Depending on their individual situation and specific requirements, a person needing dual diagnosis treatment may benefit from receiving a variety of therapeutic interventions from various treatment settings. These can include:
- Community centers specializing in behavioral health.
- Substance use disorder rehabilitation programs.
- Independent providers such as therapists and counselors in private practice.
- Hospital treatment programs or access to hospital services.
- Community Health Centers.
- Peer-led organizations and peer support groups.
- Community organizations such as churches.
- Criminal justice programs such as counseling services within a prison system.
- Telebehavioral or in-home services that provide in-home treatment.
- Inpatient service providers.
- Primary care programs that offer behavioral health services.
Go here to learn more:Concomitant disorders and substance abuse treatment near me
Paying for dual diagnosis rehab
Treatment costs vary by program and may be influenced by different levels ofdual pathology treatment insurance. If you have insurance, check with your provider to find out:
- If your plan covers dual diagnosis treatment.
- How much will your plan pay?
- What rehabilitation programs are covered in your plan.
Many low-income people qualify forHealth insurance. If you have Medicaid, you'll need to check with your county to find a covered rehab center.
If you don't have enough insurance to cover your dual-diagnosis rehab program, you may be able to get funding from the rehab center. This funding is usually based on financial need. You may receive a reduced rate or have the option to pay your bill in monthly installments. To learn more about the various payment options available, including free rehabilitation, seeFree and free drug and alcohol centers near me.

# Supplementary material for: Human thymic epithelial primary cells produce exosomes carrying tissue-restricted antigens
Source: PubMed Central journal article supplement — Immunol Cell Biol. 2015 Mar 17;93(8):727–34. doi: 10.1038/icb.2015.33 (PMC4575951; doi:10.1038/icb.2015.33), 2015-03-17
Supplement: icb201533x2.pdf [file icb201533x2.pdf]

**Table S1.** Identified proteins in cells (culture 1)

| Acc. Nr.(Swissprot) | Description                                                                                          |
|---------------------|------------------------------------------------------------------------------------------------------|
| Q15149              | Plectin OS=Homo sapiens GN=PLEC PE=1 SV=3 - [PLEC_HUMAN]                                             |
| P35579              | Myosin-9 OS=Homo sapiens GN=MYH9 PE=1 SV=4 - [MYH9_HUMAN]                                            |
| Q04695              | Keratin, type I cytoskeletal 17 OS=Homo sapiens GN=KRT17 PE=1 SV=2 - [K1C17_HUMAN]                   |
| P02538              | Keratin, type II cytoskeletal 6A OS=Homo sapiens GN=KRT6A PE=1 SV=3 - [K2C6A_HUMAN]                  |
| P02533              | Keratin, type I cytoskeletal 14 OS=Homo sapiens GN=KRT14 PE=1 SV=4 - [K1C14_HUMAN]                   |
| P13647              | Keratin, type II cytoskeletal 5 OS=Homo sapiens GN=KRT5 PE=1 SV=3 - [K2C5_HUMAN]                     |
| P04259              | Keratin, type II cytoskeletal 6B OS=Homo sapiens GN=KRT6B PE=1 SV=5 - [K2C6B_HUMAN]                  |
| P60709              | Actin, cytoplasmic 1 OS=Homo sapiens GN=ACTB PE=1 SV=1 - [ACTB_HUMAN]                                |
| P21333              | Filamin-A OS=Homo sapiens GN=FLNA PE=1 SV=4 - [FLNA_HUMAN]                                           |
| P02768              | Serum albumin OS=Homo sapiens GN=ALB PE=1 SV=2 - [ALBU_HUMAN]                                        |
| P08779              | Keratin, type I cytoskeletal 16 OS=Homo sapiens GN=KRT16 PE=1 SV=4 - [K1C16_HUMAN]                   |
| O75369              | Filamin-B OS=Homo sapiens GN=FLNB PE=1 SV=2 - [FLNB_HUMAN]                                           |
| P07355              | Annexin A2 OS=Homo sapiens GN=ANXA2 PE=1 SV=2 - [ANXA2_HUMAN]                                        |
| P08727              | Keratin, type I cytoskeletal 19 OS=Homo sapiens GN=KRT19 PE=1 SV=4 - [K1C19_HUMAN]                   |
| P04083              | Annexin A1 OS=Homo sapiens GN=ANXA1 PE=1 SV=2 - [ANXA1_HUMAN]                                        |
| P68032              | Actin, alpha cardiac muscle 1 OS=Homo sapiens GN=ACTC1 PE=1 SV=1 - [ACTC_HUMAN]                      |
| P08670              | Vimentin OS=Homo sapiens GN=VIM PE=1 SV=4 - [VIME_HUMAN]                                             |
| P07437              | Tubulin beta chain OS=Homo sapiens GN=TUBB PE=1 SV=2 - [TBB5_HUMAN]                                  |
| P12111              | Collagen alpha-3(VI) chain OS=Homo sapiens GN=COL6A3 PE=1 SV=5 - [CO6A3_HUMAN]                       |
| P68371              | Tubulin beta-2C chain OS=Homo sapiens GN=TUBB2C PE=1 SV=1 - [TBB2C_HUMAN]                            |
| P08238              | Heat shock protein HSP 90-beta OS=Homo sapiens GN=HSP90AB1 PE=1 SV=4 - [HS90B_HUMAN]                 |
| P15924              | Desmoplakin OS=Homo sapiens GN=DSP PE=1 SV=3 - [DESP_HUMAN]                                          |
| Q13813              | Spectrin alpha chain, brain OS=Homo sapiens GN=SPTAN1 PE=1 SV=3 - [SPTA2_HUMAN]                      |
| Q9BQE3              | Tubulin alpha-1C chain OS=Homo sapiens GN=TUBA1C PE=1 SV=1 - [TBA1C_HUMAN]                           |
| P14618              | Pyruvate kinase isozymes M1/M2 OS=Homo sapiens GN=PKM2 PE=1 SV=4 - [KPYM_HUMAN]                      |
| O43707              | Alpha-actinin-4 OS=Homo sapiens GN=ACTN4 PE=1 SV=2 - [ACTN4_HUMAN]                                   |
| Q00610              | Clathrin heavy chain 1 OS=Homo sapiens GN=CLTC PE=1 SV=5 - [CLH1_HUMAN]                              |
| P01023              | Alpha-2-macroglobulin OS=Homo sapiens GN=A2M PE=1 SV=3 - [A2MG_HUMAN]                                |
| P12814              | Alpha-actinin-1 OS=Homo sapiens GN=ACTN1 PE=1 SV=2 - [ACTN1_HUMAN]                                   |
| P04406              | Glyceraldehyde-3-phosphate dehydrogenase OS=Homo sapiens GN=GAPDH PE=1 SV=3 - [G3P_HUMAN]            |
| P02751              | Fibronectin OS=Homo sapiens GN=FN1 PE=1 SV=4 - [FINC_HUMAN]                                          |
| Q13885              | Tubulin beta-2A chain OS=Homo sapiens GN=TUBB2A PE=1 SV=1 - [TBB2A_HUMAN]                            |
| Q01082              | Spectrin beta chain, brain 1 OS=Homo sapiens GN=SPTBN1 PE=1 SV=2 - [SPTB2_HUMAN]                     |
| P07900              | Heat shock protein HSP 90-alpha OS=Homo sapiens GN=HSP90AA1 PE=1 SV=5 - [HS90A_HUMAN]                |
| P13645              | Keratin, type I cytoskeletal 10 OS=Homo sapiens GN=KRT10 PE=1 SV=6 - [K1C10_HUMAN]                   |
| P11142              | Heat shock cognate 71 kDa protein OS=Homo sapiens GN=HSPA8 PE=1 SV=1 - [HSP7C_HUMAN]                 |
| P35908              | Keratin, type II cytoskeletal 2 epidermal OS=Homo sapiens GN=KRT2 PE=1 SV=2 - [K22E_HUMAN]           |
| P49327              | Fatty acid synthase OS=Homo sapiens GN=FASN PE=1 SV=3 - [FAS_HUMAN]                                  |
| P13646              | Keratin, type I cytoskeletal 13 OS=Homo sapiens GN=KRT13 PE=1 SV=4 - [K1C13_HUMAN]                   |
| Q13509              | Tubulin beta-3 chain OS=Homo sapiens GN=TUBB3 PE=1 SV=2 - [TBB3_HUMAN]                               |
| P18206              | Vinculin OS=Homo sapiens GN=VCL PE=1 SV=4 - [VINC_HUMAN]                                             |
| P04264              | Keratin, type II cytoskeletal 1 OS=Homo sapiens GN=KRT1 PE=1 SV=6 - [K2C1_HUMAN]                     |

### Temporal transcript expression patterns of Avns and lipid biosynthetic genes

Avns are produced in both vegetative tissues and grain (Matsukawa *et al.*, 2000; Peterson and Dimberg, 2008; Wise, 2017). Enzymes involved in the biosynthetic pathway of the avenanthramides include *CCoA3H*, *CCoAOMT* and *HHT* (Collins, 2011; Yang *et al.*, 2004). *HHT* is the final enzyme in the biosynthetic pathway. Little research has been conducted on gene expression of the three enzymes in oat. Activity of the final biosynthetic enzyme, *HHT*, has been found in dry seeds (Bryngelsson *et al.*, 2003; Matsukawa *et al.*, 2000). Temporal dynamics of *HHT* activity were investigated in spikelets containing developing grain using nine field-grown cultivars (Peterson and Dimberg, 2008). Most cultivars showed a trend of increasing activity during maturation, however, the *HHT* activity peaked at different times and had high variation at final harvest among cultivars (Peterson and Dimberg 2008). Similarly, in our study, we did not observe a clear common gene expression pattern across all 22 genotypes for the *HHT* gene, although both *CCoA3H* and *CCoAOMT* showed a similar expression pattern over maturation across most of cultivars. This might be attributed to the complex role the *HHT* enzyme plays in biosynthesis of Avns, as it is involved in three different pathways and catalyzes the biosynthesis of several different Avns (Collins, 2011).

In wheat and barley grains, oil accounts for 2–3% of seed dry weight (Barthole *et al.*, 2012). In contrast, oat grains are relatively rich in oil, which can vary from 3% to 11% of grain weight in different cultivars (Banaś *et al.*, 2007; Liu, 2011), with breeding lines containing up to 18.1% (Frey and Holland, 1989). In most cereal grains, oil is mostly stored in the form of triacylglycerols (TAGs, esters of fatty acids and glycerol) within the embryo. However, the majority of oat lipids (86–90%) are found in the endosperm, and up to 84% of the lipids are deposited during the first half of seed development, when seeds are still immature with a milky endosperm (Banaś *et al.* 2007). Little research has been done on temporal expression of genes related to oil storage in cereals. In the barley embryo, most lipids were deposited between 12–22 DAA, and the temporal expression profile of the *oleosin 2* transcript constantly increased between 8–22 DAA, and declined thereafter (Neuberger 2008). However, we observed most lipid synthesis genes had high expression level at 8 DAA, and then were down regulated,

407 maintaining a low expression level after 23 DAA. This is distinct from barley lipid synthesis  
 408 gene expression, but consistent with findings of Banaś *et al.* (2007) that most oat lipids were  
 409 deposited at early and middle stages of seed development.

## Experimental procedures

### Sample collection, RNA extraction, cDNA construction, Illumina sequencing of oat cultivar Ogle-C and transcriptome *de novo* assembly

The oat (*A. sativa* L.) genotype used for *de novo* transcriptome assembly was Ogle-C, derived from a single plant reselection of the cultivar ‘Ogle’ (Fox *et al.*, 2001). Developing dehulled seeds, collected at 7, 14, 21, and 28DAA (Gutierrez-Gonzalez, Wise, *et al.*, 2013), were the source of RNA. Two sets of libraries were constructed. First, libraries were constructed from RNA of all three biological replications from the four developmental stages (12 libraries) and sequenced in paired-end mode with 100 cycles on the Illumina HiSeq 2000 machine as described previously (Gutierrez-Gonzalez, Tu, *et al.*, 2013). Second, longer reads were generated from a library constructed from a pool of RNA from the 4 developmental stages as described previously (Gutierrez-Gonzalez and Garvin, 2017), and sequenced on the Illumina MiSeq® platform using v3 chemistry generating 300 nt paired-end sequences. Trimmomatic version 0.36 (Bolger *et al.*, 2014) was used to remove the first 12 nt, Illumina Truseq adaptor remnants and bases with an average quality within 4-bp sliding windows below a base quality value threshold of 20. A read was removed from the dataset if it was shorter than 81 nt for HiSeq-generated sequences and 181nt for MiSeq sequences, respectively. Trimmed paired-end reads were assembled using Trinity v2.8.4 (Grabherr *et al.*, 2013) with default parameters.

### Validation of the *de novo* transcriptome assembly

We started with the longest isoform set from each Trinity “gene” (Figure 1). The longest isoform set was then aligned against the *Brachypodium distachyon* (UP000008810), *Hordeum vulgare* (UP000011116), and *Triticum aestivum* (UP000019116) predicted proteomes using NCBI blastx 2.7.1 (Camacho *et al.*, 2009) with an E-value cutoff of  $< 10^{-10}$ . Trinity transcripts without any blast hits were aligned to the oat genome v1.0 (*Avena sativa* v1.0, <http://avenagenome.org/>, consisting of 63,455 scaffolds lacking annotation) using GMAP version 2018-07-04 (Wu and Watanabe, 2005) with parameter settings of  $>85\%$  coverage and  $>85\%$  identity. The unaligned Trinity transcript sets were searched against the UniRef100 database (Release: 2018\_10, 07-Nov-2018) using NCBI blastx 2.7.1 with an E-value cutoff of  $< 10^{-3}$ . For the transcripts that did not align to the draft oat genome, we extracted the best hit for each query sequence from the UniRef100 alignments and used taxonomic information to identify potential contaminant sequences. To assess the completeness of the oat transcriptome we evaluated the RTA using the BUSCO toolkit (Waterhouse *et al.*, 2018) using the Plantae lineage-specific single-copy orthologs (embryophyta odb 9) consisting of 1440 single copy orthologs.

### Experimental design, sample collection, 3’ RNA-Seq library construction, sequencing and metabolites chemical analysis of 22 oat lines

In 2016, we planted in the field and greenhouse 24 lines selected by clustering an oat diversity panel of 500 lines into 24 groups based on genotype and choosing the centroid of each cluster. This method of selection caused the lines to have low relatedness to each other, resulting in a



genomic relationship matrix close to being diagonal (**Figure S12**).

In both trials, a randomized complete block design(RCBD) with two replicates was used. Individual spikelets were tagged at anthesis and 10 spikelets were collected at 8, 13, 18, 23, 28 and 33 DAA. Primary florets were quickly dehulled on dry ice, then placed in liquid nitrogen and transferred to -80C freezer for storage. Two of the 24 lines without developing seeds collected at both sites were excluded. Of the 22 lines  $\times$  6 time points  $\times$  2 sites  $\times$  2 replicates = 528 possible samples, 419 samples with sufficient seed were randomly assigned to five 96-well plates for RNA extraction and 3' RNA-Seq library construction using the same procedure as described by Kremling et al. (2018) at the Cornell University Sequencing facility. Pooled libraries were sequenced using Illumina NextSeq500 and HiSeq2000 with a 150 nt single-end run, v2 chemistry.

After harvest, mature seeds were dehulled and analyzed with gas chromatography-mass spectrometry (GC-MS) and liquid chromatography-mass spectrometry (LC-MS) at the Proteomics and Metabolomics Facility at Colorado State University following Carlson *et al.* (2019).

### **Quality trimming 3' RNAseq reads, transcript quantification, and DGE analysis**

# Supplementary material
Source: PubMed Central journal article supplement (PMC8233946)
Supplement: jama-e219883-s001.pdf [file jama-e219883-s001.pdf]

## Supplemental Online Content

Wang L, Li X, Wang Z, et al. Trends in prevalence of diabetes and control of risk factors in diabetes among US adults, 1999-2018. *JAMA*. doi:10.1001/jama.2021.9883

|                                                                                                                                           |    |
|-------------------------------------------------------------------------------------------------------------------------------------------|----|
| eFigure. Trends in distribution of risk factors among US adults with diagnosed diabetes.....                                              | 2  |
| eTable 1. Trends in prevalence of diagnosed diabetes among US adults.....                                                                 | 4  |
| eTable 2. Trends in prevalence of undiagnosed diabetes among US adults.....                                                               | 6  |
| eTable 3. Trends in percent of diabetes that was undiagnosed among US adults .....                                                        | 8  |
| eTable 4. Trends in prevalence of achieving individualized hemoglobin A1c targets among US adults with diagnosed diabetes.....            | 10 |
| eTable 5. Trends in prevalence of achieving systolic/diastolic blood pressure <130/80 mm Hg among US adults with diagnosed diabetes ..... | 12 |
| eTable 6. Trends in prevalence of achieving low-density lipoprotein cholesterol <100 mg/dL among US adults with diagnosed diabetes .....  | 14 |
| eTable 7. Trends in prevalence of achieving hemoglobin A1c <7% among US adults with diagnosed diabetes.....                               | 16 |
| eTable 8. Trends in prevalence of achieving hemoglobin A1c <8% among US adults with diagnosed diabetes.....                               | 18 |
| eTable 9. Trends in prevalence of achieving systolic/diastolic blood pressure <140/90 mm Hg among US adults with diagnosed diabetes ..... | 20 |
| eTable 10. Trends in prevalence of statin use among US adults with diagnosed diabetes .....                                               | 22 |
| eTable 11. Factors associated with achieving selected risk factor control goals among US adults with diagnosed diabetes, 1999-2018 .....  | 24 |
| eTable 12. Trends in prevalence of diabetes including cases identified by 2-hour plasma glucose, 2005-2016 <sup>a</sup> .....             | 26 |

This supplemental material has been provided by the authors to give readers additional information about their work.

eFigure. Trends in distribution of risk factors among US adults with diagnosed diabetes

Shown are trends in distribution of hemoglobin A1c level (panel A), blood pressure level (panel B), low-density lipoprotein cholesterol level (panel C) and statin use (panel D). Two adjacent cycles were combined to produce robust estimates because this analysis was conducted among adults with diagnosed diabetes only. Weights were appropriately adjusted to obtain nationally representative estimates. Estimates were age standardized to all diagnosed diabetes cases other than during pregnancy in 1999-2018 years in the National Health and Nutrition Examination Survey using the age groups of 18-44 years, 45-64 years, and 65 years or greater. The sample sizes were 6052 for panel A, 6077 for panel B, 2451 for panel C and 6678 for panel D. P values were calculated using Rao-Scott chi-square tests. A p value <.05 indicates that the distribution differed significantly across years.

Go here to learn more abouthow to pay for rehabilitation treatment.
Does your insurance cover the cost of dual diagnosis hospital treatment?
Rehabs.com is a subsidiary of American Addiction Centers (AAC), a leading provider of addiction treatment and dual diagnosis nationwide. AAC is networked with many of the top insurance providers in the US. Use the form below to instantly find out if your insurance benefits cover part or all of the cost of dual diagnosis treatment.
Recommendations from people who drop out of treatment
Recovery Brands collected data in 2016 by asking people leaving an addiction treatment program which facets of the clinic they considered to be high priority things to consider when deciding on treatment.
The top priority was the program's financial practices, such as insurance acceptance, payment options, and financial support. They also appreciated the program's offerings (additional activities, services, food quality, etc.) much more after treatment ended. Individuals seeking treatment should consider an institution's monetary policies as well as the institution's offerings to help them with their final institution decision.
Dual diagnosis aftercare care
While dual-diagnosis treatment sets the foundation for long-term recovery and sobriety, aftercare helps maintain the progress made during treatment.